How we found out we had mitochondrial disease is a loaded question. There were clear signs for years but medical science had not caught up with the disease. My hubby and I after lots of prayer and thoughtful discussion with our mito drs decided that a muscle biopsy would not be in the best interest of the kids. The whole family was placed into the 'suspected mitochondrial disease' category.
So we waited…. 7 years.
During those year all sorts of other medical issues were ruled out. From the simple with an odd presentation to the weird genetic outliers. We went to see a second opinion at a huge hospital with a great reputation. He agreed that we just needed to treat what we saw and wait. After several years being followed by a mitochondrial specialist and with labs and presentation all pointing towards mito we were put into the 'probable mitochondrial disease' category.
So we waited.
Then we were told about a research opportunity that our family of 6 affected would be perfect for. We all had a cheek swab. It was one of the simplest test we had ever taken with no pain. Swabbed the inner cheek put the samples on dry ice and shipped them away to Philadelphia.
And we waited.
Then one hot June day while I was preparing to speak at a conference my husband called to say we got the results. ALL of us were so depleted in complex 1 and 3 that it was assured we had mitochondrial disease. The dr had us ALL redo our testing to be sure of the results.
And we waited.
The repeat tests were the same. We have mitochondrial disease. Finally a diagnosis.
With those results in hand our mito specialist was able to order more specific results. We were immediately put into several research groups given the size of our family and the tight grouping of our symptoms.
Now for those that don’t know research testing is for the DOCTOR'S education not yours. If you are lucky you will get results but they come back on a scholars pace if at all. One test has been out 3 years.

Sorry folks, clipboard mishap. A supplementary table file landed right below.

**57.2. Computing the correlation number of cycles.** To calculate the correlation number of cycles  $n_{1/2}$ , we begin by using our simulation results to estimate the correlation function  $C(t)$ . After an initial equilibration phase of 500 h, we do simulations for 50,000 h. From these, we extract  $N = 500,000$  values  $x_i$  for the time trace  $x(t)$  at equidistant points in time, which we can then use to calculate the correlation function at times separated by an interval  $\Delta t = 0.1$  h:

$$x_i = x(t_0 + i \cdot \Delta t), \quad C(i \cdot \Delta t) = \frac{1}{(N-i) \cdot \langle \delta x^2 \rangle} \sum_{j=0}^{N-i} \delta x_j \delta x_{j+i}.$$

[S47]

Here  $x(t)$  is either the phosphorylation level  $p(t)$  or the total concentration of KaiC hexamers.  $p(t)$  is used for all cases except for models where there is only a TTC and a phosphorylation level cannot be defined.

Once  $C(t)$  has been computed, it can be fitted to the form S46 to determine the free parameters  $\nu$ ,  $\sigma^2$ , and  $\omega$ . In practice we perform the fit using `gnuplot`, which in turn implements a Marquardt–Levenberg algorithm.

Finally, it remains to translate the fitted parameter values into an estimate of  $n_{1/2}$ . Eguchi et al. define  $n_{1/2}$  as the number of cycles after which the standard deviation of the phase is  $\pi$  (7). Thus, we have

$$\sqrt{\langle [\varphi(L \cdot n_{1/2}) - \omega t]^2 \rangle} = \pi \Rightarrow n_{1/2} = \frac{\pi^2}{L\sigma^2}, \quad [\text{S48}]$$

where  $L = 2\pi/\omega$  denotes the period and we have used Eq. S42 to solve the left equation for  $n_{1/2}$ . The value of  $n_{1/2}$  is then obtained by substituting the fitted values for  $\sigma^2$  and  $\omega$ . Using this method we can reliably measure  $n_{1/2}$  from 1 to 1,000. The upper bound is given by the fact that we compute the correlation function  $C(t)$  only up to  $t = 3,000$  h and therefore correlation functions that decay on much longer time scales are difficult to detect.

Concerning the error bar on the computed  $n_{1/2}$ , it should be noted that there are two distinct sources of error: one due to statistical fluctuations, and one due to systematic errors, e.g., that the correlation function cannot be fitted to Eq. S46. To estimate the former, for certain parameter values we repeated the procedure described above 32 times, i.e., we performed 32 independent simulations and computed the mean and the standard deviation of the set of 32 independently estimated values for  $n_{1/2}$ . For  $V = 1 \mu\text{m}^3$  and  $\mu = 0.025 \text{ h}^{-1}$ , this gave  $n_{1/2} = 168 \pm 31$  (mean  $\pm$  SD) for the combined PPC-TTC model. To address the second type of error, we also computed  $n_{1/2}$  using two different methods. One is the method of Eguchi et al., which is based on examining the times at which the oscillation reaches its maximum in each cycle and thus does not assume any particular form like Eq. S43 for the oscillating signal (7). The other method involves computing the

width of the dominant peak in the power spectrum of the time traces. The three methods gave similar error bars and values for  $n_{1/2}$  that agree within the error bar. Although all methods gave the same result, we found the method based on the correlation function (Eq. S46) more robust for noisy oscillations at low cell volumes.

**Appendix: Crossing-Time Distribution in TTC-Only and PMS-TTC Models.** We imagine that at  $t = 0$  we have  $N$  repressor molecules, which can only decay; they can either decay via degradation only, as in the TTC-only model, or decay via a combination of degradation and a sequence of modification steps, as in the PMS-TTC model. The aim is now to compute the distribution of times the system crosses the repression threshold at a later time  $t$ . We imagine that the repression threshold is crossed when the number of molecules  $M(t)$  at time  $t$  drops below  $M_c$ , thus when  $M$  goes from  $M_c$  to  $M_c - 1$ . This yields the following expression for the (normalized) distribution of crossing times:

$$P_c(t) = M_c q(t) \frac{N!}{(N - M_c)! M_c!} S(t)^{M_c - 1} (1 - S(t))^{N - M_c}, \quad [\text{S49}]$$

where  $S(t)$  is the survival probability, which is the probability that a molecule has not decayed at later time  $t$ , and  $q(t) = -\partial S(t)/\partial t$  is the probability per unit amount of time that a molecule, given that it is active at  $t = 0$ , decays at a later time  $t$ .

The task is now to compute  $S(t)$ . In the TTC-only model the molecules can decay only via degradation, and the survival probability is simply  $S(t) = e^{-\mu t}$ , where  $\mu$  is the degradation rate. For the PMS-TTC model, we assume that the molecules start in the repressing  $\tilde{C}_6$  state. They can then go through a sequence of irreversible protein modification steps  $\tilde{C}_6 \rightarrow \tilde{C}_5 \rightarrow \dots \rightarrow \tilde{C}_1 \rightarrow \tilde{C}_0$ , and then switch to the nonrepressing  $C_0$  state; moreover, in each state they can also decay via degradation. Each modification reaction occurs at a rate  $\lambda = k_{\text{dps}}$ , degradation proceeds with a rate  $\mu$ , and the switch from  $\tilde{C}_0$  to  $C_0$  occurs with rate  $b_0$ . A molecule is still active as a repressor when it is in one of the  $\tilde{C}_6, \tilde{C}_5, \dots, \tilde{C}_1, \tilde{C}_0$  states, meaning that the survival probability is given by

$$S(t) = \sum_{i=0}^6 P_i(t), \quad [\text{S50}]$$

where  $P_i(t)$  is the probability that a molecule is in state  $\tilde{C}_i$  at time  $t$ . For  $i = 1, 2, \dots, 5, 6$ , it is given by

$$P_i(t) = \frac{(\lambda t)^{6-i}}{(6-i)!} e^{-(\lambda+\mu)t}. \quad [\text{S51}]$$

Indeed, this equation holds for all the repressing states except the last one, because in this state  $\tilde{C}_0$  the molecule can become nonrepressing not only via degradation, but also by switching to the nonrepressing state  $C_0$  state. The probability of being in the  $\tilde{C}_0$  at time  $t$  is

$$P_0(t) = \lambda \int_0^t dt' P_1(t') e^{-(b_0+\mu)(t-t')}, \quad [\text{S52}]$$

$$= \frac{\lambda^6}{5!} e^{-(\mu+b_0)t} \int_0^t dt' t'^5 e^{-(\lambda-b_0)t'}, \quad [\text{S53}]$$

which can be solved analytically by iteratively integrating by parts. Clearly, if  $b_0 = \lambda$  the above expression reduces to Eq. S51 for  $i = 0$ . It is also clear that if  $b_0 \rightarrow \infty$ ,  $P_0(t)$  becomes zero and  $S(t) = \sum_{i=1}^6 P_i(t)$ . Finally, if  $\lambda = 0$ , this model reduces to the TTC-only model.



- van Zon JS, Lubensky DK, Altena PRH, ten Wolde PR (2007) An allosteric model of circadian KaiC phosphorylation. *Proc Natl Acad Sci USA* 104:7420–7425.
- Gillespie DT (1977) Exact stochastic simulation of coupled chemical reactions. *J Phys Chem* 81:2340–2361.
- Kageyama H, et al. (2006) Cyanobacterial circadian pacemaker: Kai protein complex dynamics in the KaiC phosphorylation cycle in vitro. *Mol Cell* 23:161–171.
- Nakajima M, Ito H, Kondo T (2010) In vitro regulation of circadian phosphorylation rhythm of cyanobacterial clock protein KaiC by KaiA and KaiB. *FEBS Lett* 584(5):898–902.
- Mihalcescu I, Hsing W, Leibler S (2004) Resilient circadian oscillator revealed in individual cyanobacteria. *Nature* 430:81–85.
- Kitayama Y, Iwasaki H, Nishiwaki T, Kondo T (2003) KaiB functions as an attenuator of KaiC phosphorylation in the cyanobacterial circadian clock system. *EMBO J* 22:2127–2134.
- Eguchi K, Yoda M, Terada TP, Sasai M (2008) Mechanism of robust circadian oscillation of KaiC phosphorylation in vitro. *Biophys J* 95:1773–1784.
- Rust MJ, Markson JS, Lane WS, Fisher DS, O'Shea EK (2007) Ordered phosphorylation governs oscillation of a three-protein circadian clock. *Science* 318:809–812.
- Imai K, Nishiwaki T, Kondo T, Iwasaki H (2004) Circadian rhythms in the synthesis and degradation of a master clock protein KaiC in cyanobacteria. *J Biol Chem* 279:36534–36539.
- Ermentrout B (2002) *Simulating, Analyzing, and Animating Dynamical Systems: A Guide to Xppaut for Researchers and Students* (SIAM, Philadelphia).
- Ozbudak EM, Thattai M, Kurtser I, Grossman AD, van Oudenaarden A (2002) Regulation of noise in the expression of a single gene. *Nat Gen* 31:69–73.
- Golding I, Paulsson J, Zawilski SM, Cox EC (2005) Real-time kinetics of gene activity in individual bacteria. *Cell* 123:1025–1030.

Private testing which has blossomed into a lower cost patient based industry is much more responsive. We have had testing through private genetic labs and the testing was back rather quick, never as speedy as they told us, but still timely.
Here we sit 9 years later with a diagnosis of mitochondrial disease. No it does not have a specific name just a long tangled set of letters and numbers. Connections to specific complex deficiencies. And frankly questions attached.
The world of genetic testing is opening up and becoming a wonderful way to diagnosis and help us all dealing with genetic diseases. The down side is there is SO MUCH information flooding the doctors right now that it can be difficult to glean what is important and what is not hurting your health at this time.
Each person and family with mitochondrial disease has to travel this long arduous diagnostic period (at differing speeds.) You can be relegated to that horrible land of ‘probable or suspected mitochondrial disease.' Suspected means there are several other possible options that must be looked into but mito should not be ignored. Probable generally means everyone thinks you have mito but they just don’t have a specific lab or they are not willing to diagnosis on clinic means. That leaves you struggling every ER run with doctors that don’t believe you. That means that you don’t fall into research testing or treatments. I HATED that 7 years of limbo land.
While I did not want to have mito, we do. Since we do I want to be clearly diagnosed and now we know what we are fighting. Now I want the whole medical team from the kids to my adult team to work as hard as possible to keep us stable if not progressing!
Mito will never win. I choose to not allow that. It might hurt my body but it will never hurt our spirit!